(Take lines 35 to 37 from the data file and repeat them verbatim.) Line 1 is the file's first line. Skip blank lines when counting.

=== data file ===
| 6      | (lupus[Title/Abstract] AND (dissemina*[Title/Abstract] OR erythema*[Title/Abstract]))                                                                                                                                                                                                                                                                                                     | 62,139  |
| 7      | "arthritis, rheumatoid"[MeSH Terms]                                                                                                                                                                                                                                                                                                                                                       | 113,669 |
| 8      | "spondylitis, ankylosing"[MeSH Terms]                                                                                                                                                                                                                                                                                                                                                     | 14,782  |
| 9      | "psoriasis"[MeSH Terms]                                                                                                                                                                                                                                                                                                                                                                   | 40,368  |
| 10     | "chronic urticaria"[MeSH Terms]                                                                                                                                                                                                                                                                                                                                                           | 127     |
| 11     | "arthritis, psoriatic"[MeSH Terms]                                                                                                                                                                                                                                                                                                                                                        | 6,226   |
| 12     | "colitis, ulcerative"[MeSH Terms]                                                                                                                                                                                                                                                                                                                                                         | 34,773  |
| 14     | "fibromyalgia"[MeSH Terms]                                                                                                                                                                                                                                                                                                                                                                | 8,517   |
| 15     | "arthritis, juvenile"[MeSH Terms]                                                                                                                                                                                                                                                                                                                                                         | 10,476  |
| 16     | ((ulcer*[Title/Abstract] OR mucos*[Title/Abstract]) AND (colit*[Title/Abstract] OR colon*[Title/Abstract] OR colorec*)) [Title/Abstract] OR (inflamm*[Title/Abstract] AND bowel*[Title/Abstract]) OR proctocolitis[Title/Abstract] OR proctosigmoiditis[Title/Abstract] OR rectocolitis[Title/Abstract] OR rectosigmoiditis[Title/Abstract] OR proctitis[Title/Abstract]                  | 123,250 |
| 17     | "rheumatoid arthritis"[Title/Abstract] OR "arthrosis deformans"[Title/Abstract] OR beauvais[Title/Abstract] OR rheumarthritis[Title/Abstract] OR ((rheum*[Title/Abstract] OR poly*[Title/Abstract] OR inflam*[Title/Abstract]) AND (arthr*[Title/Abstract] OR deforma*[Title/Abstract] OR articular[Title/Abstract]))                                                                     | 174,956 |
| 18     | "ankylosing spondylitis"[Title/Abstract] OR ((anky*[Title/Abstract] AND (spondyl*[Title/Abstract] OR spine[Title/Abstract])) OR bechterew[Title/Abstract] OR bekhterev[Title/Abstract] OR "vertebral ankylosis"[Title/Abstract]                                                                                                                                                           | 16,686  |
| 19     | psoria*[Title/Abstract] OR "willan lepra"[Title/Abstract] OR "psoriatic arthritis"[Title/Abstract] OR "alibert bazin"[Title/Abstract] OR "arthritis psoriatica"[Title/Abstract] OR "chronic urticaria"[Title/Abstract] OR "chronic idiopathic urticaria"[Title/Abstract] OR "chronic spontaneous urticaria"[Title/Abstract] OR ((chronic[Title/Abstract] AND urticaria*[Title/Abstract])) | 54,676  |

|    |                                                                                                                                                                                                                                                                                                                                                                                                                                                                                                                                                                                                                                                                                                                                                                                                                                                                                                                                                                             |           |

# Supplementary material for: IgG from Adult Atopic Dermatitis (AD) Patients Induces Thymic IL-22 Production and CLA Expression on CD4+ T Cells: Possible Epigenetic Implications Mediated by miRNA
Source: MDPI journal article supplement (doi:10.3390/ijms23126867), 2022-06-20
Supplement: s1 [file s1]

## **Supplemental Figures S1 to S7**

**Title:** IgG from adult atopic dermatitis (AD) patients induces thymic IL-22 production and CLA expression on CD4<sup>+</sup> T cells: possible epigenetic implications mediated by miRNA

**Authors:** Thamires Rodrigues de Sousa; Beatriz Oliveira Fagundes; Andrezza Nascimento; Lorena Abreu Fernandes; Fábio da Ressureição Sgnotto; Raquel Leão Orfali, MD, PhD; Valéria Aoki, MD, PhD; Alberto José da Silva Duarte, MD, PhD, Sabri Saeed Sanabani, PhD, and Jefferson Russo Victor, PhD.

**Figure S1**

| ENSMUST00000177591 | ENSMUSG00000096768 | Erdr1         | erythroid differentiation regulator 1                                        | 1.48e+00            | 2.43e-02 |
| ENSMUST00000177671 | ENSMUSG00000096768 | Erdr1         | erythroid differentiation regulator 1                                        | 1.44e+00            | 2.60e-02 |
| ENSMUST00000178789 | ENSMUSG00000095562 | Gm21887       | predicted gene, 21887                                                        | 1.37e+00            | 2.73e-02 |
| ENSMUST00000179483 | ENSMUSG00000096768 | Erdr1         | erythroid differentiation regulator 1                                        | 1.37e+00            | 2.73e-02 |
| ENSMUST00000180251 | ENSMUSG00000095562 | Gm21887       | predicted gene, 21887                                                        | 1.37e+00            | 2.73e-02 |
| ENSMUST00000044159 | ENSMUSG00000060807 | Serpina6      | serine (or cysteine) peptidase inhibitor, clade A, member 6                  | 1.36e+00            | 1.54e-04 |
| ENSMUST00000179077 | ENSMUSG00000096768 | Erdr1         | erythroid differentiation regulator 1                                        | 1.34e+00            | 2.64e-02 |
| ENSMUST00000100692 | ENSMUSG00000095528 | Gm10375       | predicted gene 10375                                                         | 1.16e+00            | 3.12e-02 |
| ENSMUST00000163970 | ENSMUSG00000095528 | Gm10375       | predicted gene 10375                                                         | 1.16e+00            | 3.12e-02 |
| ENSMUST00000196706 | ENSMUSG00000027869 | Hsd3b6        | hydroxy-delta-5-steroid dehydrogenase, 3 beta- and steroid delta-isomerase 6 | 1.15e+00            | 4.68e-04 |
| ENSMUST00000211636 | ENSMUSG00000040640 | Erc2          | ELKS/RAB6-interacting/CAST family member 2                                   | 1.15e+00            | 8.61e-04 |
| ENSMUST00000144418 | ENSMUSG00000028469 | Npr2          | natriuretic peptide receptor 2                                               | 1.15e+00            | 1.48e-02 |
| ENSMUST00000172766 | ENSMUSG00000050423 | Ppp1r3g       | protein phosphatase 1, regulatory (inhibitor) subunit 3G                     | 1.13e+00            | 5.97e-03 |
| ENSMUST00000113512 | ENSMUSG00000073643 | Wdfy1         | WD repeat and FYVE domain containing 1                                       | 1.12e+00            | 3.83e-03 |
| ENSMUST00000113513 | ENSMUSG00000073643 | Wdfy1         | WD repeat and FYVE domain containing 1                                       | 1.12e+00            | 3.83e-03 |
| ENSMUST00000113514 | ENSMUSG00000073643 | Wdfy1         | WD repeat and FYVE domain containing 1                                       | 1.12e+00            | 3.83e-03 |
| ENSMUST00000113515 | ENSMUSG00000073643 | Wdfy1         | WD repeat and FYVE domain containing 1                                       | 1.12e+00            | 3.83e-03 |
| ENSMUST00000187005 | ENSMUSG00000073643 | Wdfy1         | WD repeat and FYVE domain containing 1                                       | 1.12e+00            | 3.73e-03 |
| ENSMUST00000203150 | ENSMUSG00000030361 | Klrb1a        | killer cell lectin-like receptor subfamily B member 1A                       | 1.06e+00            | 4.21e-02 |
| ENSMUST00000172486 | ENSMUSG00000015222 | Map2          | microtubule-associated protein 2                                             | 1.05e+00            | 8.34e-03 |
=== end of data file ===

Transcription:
| ENSMUST00000113512 | ENSMUSG00000073643 | Wdfy1         | WD repeat and FYVE domain containing 1                                       | 1.12e+00            | 3.83e-03 |
| ENSMUST00000113513 | ENSMUSG00000073643 | Wdfy1         | WD repeat and FYVE domain containing 1                                       | 1.12e+00            | 3.83e-03 |
| ENSMUST00000113514 | ENSMUSG00000073643 | Wdfy1         | WD repeat and FYVE domain containing 1                                       | 1.12e+00            | 3.83e-03 |